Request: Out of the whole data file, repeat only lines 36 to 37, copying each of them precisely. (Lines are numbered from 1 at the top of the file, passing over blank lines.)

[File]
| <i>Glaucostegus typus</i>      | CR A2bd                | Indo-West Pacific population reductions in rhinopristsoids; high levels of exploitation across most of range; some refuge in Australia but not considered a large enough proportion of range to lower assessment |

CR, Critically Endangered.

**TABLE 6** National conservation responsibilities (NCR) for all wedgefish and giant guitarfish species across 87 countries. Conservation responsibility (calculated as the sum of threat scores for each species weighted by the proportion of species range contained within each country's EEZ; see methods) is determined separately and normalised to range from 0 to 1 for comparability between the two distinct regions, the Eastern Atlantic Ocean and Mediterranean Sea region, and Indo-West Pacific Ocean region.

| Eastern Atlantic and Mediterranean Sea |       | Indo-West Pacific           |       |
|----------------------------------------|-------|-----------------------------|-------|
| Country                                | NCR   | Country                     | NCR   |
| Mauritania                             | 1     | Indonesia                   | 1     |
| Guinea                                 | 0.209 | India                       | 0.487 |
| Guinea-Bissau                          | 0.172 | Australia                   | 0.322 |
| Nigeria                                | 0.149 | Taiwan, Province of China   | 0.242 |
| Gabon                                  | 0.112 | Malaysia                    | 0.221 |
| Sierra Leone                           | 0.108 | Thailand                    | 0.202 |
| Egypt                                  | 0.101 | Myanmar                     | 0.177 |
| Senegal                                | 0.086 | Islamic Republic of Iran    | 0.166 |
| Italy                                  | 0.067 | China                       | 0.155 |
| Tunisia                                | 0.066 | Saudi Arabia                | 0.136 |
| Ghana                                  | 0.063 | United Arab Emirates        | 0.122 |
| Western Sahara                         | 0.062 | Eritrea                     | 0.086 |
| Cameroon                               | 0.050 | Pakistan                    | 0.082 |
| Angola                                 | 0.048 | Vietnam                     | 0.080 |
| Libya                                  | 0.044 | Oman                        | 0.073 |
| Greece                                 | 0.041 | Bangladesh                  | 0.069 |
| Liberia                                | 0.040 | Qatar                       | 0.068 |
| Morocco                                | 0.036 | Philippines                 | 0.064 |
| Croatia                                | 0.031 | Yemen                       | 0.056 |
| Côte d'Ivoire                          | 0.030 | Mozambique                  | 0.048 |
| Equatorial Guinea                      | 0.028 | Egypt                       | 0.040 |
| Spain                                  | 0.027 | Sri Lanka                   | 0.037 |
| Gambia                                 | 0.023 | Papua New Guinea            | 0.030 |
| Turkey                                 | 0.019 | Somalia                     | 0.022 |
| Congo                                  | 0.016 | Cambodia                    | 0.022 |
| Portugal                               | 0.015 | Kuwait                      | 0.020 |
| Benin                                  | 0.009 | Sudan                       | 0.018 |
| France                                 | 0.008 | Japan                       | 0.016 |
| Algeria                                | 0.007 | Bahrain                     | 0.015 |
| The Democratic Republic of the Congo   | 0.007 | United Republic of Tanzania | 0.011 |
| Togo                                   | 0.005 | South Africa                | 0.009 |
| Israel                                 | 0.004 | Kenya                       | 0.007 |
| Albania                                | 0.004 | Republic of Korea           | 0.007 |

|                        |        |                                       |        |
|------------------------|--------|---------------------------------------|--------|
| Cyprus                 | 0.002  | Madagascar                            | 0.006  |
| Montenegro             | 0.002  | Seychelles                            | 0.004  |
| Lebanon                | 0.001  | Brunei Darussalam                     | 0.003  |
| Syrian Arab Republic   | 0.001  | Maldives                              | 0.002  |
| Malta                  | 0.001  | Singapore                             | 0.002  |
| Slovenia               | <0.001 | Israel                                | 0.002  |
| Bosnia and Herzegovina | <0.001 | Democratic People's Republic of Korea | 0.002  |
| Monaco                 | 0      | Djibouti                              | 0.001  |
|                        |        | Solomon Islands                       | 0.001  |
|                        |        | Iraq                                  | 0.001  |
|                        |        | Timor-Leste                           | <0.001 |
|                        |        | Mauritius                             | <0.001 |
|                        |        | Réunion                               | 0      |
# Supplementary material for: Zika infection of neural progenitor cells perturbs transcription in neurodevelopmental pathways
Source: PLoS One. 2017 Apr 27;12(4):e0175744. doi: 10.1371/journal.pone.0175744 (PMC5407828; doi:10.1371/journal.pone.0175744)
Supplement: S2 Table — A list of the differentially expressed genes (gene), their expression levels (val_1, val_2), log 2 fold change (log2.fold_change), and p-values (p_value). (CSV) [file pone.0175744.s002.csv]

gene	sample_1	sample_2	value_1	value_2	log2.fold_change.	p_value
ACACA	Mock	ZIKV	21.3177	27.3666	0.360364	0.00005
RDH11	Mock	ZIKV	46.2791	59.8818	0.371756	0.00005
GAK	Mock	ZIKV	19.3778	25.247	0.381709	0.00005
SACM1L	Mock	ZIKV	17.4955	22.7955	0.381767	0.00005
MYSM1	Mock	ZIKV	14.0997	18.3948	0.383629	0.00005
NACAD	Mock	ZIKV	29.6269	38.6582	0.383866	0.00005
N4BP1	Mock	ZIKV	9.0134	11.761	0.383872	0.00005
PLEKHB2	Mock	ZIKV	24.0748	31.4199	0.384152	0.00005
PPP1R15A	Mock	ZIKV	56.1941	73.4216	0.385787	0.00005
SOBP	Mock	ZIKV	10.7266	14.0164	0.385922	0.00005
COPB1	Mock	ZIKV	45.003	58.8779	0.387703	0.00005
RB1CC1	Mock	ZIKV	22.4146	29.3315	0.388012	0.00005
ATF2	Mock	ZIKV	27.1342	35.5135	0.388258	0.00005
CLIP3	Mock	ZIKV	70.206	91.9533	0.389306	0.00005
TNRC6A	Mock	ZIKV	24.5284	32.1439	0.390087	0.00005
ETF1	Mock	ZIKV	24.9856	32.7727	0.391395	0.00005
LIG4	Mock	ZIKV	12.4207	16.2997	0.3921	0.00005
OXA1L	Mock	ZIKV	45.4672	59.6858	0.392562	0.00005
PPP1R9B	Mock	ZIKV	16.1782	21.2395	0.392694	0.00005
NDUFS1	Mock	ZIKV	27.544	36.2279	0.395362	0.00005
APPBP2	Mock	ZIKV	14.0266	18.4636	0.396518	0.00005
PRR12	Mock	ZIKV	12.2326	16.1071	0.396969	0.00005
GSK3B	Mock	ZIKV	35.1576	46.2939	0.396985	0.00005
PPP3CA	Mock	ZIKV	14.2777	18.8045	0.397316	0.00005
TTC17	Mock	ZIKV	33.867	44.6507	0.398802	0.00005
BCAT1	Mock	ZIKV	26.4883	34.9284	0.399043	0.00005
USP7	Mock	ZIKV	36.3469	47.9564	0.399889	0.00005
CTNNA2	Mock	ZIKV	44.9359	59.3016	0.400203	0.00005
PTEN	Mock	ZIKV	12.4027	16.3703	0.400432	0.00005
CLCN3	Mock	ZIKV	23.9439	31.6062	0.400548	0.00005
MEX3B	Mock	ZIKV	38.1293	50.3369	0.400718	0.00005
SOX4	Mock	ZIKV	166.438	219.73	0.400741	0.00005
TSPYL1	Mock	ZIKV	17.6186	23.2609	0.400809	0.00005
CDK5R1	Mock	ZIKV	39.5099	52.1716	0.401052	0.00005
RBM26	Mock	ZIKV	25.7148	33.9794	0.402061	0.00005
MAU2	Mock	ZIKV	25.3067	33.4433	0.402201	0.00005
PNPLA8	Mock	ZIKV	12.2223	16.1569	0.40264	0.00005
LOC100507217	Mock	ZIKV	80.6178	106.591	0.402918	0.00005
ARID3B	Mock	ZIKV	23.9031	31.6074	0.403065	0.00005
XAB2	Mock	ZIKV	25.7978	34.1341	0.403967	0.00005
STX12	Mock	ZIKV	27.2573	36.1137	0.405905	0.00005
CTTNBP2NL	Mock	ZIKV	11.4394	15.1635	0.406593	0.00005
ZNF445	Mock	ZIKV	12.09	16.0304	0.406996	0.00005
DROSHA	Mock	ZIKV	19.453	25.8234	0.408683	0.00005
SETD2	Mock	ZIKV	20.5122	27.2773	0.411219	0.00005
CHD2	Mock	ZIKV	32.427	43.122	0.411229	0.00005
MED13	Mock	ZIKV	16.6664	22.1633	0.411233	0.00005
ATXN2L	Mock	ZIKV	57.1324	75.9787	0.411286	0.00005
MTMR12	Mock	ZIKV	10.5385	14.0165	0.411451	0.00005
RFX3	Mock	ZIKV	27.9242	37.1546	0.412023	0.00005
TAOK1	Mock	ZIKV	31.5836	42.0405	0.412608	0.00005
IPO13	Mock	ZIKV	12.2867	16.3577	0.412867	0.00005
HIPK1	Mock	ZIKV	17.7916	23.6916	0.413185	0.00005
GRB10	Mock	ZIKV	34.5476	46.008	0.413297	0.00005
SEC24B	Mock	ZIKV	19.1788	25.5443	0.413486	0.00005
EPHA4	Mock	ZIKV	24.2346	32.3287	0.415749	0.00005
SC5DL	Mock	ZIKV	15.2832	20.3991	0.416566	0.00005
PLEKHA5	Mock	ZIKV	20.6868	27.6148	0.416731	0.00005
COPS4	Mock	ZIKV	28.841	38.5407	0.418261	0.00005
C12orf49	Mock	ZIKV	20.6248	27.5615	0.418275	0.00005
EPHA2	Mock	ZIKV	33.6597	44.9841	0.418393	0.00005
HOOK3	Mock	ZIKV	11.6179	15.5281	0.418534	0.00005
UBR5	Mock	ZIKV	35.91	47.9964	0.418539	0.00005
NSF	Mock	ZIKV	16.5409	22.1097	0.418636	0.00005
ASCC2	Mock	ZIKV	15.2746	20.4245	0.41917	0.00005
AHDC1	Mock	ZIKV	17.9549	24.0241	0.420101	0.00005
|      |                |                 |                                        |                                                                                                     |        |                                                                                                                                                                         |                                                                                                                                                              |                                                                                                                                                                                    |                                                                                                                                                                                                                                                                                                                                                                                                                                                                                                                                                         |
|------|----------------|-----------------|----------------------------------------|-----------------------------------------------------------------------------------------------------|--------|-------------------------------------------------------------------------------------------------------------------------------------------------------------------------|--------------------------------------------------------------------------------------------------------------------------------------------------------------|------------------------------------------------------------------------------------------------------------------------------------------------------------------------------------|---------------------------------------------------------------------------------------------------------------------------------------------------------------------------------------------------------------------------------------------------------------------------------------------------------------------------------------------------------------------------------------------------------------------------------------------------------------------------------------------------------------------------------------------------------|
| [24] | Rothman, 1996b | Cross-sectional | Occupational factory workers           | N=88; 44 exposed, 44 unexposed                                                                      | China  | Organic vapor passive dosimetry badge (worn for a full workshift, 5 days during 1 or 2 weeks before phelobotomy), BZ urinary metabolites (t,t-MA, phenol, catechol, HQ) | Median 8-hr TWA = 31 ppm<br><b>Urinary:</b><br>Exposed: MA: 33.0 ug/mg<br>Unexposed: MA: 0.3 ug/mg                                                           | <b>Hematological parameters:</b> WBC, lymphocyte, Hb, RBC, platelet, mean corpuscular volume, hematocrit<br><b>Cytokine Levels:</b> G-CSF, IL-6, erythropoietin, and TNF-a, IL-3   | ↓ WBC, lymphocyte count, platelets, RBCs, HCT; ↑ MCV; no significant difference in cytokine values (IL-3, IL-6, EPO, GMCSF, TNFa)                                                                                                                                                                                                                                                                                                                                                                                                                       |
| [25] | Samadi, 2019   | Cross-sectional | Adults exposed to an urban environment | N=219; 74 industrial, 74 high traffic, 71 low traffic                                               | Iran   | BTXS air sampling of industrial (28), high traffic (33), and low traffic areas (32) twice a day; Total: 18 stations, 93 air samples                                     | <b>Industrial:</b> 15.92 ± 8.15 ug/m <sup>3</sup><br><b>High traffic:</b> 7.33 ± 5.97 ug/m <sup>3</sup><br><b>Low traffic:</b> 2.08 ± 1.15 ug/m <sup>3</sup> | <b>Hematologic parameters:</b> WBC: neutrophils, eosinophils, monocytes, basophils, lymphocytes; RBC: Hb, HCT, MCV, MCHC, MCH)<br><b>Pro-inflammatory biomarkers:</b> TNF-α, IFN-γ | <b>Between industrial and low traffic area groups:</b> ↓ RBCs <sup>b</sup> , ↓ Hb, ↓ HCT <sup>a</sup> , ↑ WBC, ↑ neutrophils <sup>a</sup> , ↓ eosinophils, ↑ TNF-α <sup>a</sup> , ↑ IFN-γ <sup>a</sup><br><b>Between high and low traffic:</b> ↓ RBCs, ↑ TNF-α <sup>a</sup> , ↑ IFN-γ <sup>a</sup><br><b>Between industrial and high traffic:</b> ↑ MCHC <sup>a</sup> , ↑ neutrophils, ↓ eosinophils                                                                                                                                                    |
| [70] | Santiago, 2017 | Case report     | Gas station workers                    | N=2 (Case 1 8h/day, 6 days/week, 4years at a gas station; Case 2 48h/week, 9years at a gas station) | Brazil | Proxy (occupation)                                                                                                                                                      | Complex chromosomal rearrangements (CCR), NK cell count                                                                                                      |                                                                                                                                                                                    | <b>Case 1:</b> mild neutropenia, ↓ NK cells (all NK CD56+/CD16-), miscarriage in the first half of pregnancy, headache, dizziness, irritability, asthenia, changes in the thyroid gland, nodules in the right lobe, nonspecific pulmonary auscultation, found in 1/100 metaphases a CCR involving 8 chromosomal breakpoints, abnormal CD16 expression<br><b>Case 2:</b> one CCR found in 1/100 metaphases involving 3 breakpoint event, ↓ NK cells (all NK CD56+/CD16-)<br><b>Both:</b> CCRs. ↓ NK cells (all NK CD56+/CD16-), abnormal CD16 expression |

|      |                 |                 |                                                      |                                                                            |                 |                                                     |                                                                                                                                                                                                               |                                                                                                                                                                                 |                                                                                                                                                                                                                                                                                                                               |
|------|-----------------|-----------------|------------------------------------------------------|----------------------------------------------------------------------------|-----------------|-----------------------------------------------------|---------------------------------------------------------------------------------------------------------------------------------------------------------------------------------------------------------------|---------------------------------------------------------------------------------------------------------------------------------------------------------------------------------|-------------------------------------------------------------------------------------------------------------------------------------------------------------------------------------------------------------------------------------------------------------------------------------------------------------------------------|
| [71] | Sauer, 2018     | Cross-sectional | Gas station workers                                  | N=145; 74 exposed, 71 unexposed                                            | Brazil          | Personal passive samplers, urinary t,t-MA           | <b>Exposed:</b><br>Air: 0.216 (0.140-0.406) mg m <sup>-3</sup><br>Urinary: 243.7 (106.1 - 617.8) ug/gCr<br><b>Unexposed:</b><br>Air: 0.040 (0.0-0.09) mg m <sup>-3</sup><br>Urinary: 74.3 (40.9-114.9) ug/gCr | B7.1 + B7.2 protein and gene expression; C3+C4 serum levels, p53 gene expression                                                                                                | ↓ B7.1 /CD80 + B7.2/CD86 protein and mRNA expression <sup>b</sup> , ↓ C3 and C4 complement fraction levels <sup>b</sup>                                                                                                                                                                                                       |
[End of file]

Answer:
| The Democratic Republic of the Congo   | 0.007 | United Republic of Tanzania | 0.011 |
| Togo                                   | 0.005 | South Africa                | 0.009 |